The most important similarities between the European international order (1815-1914) and the Cold War international system rests on the method of strategy with respect to the distribution and application of power. First, the two international systems or order follow the decree that “no major changes would take place without the general consent of the Great Powers” (Lauren, Craig, and George 28).
In the European international order, this corresponds to the Concert of Europe that was initially composed of 4 (and later on 5 including France) members and dominated by skilled statesmen (29); in the Cold War international system, however, this corresponds to the United Nations that is composed of 191 members but dominated mainly by one prevailing member, which is the United States (111). Second, the two international systems formulate ways wherein “whatever differences existed between the powers were largely subordinated to the high degree of consensus and shared values among them” (31).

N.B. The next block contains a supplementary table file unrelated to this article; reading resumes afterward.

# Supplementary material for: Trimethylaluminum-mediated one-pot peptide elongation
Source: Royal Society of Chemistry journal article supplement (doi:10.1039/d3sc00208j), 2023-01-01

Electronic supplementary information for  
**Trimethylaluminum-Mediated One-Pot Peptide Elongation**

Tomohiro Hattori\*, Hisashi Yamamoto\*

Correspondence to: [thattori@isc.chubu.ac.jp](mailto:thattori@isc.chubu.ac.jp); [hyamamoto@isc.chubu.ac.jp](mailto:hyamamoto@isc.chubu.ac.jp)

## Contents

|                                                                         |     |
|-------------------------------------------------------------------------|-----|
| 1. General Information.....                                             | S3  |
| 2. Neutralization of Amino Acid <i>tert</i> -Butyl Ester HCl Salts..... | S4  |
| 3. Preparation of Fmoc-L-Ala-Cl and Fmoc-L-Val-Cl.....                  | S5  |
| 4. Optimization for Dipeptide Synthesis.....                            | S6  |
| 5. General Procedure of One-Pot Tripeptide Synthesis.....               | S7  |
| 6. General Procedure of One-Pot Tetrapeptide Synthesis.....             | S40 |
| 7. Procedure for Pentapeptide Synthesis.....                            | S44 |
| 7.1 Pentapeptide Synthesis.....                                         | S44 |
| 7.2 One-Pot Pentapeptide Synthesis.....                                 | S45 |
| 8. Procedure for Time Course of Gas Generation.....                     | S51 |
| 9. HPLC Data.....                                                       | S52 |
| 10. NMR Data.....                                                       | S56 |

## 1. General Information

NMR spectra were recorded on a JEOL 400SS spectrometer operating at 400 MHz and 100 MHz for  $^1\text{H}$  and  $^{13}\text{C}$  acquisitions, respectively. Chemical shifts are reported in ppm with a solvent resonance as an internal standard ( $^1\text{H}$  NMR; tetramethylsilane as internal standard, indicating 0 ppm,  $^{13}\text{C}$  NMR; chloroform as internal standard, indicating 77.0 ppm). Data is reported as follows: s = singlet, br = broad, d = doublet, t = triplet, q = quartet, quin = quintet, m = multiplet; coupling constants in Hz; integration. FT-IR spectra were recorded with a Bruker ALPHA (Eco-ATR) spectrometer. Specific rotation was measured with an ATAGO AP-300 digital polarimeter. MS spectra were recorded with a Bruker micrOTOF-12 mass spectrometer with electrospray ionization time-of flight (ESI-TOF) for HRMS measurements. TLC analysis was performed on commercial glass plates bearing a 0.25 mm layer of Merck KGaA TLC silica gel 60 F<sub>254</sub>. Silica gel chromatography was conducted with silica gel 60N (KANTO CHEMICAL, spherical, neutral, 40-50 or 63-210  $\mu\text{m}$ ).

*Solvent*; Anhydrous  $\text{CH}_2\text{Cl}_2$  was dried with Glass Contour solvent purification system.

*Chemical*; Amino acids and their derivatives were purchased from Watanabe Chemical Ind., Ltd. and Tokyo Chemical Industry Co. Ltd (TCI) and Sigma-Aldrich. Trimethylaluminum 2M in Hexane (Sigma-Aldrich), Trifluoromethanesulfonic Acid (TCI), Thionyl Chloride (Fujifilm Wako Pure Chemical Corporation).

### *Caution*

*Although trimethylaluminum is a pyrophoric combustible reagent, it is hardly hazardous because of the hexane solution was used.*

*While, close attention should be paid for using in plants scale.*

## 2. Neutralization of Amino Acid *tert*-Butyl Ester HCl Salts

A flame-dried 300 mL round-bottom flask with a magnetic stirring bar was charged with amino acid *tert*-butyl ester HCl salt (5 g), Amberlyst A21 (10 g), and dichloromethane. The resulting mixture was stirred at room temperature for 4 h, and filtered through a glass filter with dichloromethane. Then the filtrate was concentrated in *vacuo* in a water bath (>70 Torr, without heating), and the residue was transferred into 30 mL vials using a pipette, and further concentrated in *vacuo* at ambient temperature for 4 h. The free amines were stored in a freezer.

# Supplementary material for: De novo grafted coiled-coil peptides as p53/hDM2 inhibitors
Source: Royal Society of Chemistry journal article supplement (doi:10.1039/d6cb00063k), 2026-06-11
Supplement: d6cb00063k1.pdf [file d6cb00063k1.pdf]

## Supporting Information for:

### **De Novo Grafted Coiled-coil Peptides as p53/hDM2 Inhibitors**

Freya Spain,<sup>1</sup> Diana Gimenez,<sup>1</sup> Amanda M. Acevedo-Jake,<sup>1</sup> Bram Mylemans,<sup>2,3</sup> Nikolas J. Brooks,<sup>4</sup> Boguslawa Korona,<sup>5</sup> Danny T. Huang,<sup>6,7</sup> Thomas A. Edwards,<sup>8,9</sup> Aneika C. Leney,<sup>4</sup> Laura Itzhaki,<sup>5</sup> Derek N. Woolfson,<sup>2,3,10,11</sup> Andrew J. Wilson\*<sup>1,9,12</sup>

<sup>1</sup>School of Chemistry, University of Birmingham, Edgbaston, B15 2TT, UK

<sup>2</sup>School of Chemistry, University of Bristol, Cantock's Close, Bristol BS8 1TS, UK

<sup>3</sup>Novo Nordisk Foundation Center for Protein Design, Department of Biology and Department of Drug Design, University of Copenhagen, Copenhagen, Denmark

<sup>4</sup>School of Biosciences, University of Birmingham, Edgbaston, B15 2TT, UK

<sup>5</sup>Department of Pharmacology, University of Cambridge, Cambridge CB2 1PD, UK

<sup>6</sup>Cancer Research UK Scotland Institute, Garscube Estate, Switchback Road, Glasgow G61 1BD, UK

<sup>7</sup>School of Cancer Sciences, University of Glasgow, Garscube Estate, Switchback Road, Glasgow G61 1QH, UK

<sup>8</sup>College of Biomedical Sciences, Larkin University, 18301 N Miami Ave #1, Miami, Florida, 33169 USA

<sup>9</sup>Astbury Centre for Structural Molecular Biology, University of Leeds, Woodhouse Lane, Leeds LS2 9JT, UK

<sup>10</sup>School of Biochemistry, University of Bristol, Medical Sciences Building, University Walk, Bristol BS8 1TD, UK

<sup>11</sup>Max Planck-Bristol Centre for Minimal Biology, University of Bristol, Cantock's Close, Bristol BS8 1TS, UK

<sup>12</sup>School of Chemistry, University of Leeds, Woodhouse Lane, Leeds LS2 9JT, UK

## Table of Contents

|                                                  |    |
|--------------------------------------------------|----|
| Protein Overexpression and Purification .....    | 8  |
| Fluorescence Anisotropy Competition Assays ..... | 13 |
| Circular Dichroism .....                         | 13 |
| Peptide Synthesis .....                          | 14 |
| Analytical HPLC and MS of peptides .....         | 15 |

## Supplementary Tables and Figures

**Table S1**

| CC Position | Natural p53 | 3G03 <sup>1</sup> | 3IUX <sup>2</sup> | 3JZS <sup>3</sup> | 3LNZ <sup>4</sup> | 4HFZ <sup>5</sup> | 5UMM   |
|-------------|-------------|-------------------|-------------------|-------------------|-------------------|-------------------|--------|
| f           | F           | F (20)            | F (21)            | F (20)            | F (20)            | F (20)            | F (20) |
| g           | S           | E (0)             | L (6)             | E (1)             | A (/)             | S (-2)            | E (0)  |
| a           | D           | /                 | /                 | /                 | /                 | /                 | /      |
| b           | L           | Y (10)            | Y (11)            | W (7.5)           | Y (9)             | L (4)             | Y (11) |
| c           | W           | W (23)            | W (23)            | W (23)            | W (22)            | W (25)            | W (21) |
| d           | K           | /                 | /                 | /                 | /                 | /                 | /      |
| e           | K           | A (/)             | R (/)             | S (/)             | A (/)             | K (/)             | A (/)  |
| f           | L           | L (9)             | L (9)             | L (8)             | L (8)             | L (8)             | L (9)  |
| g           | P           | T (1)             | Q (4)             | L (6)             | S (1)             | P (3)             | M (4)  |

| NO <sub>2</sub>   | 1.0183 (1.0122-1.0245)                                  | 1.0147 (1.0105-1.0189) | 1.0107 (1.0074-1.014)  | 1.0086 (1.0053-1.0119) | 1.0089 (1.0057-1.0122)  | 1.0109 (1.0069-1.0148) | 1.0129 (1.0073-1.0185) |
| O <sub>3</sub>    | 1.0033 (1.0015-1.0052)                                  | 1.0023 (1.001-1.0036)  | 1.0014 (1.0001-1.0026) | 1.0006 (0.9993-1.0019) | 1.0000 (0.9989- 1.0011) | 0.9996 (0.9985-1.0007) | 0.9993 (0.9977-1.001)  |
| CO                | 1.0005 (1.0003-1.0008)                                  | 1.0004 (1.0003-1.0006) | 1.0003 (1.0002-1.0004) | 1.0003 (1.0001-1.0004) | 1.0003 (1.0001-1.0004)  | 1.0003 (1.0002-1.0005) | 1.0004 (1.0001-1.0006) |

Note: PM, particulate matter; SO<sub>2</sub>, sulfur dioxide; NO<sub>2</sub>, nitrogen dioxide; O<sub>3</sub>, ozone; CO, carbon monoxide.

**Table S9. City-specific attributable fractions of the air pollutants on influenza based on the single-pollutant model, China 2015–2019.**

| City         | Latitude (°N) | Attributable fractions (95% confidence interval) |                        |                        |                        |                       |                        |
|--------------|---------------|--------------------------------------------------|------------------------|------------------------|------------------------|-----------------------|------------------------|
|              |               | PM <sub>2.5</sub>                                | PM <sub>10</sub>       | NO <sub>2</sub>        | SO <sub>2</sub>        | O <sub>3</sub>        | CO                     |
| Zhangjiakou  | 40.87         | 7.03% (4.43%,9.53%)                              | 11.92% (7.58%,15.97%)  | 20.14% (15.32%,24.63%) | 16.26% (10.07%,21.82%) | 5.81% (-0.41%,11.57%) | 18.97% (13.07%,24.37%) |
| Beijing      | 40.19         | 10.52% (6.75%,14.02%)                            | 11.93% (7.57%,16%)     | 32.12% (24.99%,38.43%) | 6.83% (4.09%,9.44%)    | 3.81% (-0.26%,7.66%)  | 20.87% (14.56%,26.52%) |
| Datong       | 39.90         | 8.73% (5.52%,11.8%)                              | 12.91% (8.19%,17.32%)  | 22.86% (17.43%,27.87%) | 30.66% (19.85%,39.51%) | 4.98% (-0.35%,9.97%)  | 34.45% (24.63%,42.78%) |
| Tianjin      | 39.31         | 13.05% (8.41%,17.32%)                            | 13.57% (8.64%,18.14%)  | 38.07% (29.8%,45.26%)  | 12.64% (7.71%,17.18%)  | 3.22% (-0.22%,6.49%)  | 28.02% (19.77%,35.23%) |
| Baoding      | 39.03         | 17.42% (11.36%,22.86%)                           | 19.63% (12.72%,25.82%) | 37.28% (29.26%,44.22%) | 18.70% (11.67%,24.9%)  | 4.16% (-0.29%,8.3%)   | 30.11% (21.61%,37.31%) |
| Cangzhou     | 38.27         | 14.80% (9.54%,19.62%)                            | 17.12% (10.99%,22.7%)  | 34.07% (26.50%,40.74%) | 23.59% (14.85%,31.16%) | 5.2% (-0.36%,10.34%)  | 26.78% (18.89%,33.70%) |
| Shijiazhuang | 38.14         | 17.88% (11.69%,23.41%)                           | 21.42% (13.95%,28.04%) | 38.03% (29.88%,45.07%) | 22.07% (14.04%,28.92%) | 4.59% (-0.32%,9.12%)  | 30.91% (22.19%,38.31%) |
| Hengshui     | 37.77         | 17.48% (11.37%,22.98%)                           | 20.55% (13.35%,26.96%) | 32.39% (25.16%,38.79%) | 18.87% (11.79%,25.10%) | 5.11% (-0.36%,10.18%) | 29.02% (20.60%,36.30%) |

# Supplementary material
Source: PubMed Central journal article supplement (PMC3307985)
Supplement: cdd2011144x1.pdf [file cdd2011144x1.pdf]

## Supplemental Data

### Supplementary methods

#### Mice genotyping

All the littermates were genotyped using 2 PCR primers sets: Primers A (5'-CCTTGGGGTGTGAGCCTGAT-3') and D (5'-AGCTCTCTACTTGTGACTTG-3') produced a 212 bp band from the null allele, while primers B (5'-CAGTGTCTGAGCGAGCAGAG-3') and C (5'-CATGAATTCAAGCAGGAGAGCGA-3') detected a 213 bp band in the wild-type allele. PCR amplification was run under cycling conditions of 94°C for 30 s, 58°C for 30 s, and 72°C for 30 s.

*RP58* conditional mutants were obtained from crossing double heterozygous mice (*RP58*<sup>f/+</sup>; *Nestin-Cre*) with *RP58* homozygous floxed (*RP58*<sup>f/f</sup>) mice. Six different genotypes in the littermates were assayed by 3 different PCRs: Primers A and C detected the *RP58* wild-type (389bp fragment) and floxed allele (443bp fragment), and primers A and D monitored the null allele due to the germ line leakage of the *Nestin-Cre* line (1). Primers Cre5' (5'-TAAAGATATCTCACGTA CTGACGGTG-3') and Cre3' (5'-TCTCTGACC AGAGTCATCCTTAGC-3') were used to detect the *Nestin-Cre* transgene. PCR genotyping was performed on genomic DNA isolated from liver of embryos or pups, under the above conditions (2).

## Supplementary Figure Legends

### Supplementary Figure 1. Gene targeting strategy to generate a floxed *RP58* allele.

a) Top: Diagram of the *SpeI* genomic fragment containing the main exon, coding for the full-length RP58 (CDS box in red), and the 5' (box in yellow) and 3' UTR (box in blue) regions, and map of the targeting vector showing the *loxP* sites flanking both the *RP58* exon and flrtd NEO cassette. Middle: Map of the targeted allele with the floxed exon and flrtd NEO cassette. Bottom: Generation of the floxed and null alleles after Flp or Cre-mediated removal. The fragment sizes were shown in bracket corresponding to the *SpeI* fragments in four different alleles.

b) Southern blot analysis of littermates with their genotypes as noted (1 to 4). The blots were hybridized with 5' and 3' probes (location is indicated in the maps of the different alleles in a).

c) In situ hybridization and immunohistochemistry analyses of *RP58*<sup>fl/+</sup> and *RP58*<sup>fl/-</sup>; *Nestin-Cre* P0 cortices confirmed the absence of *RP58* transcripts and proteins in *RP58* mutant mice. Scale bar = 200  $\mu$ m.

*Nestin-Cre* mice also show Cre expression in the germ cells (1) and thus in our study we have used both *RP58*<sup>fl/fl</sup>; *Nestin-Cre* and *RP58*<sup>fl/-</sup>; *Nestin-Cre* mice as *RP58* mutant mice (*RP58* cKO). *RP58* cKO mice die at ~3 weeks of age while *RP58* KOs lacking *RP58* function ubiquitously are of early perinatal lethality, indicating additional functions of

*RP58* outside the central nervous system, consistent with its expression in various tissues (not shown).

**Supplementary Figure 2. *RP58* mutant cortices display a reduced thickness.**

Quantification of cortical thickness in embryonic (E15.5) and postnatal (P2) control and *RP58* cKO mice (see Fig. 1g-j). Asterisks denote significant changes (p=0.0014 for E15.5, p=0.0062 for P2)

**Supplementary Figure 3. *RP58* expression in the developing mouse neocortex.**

In the two international systems, there is shared consensus and values, although a greater portion of the differences lie on ‘who’ and ‘how many’ share these consensus and values. Third and final, the two international systems portrayed a balance of power. With the European international order, there was balance between all few members of the system and their mission; while with the Cold War international system, there was balance between the few dominant powers of the UN, the numerous minority members of the UN, and the basic mission led by the few dominant members of the UN.
There are three similarities between the classical European international order and the Cold War international system: (1) power consent from the dominating members, (2) shared consensus and values, and (3) a balance of power. However, these similarities appear futile because of solely one reason: the more superior differences, from the few united limbs of the classical, to hundreds that are variably scattered and attached to the gigantic limb of America.